SAP Shares Surge on 8,000-Job Restructuring to Build Out AI


(Bloomberg) — SAP SE shares jumped the most in more than three years after the German software company said it’s planning a restructuring that will affect about 8,000 jobs and increase its focus on artificial intelligence. The company projected that operating profit would rise to roughly €10 billion ($10.9 billion) next year as result.

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The shares jumped 7.1% at 9:10 a.m. in Frankfurt after earlier jumping as much as 7.5% to €160.58, the biggest intraday gain since July 2020 and a record high.

As part of the restructuring this year, SAP will increase its focus on strategic growth areas, particularly artificial intelligence for business and identify “AI-driven efficiencies” in its operations, it said in a statement late Tuesday. While the company didn’t immediately respond to a request for comment on how many people will lose their jobs, it said in the filing that it plans to end 2024 with a headcount similar to current levels because of “re-investments” in other areas.

Europe’s biggest software company is working to stay competitive with rivals for its base of corporate customers. After spending the past few years transitioning its enterprise business to cloud subscriptions, SAP is focusing on ramping up AI integration into its software, using the technology to help retailers predict orders and pushing out a generative AI assistant, named Joule.

“The next phase is all about an ongoing transformation,” Chief Executive Officer Christian Klein said in an interview on Bloomberg TV. “We are investing in AI, over a billion for the next two years, while of course we’re also applying AI internally. So we will try for higher automation, automation of activities. It’s all about re-skilling and making sure that SAP on its own becomes more productive.”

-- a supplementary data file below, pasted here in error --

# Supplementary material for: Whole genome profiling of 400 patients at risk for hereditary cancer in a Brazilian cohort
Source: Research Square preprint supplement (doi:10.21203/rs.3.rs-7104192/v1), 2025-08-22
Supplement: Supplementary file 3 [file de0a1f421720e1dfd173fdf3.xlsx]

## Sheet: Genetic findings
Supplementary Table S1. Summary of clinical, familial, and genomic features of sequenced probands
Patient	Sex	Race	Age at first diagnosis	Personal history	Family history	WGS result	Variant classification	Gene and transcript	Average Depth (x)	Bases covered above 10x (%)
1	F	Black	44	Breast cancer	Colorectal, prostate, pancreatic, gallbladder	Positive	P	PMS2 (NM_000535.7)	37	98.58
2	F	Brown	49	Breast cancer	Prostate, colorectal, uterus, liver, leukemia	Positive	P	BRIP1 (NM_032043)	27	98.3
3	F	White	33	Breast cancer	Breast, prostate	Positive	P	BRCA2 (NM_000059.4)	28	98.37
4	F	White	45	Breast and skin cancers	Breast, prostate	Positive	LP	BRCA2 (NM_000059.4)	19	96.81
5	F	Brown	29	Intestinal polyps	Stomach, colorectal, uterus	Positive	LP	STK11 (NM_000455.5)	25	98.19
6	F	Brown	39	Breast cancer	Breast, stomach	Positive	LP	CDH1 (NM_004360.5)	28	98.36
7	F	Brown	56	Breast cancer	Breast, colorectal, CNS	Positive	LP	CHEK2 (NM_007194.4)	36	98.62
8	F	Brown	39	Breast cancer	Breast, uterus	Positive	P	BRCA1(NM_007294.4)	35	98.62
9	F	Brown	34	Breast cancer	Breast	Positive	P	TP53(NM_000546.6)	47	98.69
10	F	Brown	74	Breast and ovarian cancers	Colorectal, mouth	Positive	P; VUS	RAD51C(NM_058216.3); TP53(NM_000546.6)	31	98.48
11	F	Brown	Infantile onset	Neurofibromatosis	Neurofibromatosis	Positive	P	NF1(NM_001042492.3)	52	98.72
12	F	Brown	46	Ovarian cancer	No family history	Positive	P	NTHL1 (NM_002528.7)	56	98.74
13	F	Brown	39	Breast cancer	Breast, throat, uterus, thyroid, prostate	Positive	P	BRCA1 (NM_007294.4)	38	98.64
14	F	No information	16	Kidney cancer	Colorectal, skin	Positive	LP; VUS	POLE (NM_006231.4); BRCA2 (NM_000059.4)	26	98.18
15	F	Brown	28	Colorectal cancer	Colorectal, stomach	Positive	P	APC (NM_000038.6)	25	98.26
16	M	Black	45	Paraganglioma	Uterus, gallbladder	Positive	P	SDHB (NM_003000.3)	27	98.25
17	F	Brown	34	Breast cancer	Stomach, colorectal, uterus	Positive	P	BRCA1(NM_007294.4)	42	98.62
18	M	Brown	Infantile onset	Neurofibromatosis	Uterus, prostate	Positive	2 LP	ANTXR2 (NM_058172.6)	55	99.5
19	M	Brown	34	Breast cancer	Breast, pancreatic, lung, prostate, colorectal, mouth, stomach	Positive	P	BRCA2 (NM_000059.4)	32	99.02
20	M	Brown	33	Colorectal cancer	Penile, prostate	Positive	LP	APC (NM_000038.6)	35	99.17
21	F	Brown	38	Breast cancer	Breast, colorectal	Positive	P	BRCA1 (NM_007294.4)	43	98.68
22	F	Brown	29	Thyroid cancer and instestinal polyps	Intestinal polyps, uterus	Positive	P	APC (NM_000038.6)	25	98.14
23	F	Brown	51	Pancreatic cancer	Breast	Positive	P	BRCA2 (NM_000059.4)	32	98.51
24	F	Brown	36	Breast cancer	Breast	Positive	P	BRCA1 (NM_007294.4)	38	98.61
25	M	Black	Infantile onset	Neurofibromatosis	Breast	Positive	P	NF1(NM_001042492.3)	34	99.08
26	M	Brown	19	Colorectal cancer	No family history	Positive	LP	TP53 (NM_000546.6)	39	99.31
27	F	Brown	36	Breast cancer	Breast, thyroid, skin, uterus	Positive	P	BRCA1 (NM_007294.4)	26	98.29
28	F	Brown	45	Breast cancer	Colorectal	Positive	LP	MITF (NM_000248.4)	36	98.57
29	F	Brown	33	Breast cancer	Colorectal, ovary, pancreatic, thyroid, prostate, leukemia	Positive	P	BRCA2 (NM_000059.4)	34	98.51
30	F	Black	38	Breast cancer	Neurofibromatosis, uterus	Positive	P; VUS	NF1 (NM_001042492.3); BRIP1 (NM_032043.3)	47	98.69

The German software giant also invested in Aleph Alpha GmbH, Anthropic PBC and Cohere last year, with plans to add more AI services.

In May, SAP also announced a partnership with Google’s cloud computing unit that it said would allow clients to more easily unite data from disparate sources and use AI to improve their operations. The company, along with its software rivals, is working to incorporate AI tools into virtually all of its products.

The restructuring will ensure that the company’s “resources continue to meet future business needs,” and is expected to cost about €2 billion, the “vast majority” of which will be recognized in the first half of 2024, SAP said in its statement. The majority of positions affected will be covered by voluntary leave programs and internal “re-skilling measures.” Full-time workers at the company totaled 107,602 as of Dec. 31.

Fourth Quarter

Separately, SAP reported fourth-quarter revenue of €8.47 billion, surpassing analysts’ estimates of €8.35 billion. Adjusted operating profit was €2.51 billion in the period ended Dec. 31, compared to an average estimate of €2.53 billion.

SAP forecast cloud revenue would be above analyst expectations this year on the top end, as the software company transitions more legacy customers to the faster-growing market.

Cloud revenue is expected in a range of between €17 billion to €17.3 billion this year in constant currencies, the company said. That compares with an average estimate of €17 billion by analysts surveyed by Bloomberg.

Cloud infrastructure services are important for companies seeking to tap technologies like AI, with a Bloomberg Intelligence survey this month finding 72% of businesses plan to increase their IT infrastructure budgets in 2024.

SAP also projected 2024 operating profit of as much as €7.9 billion, an increase of 21% at constant currencies. The company’s profit outlook of €10 billion for 2025 reflects a €2 billion reduction in share-based compensation expenses and €500 million in “incremental” gains from the restructuring.

–With assistance from Vlad Savov and Anna Edwards.

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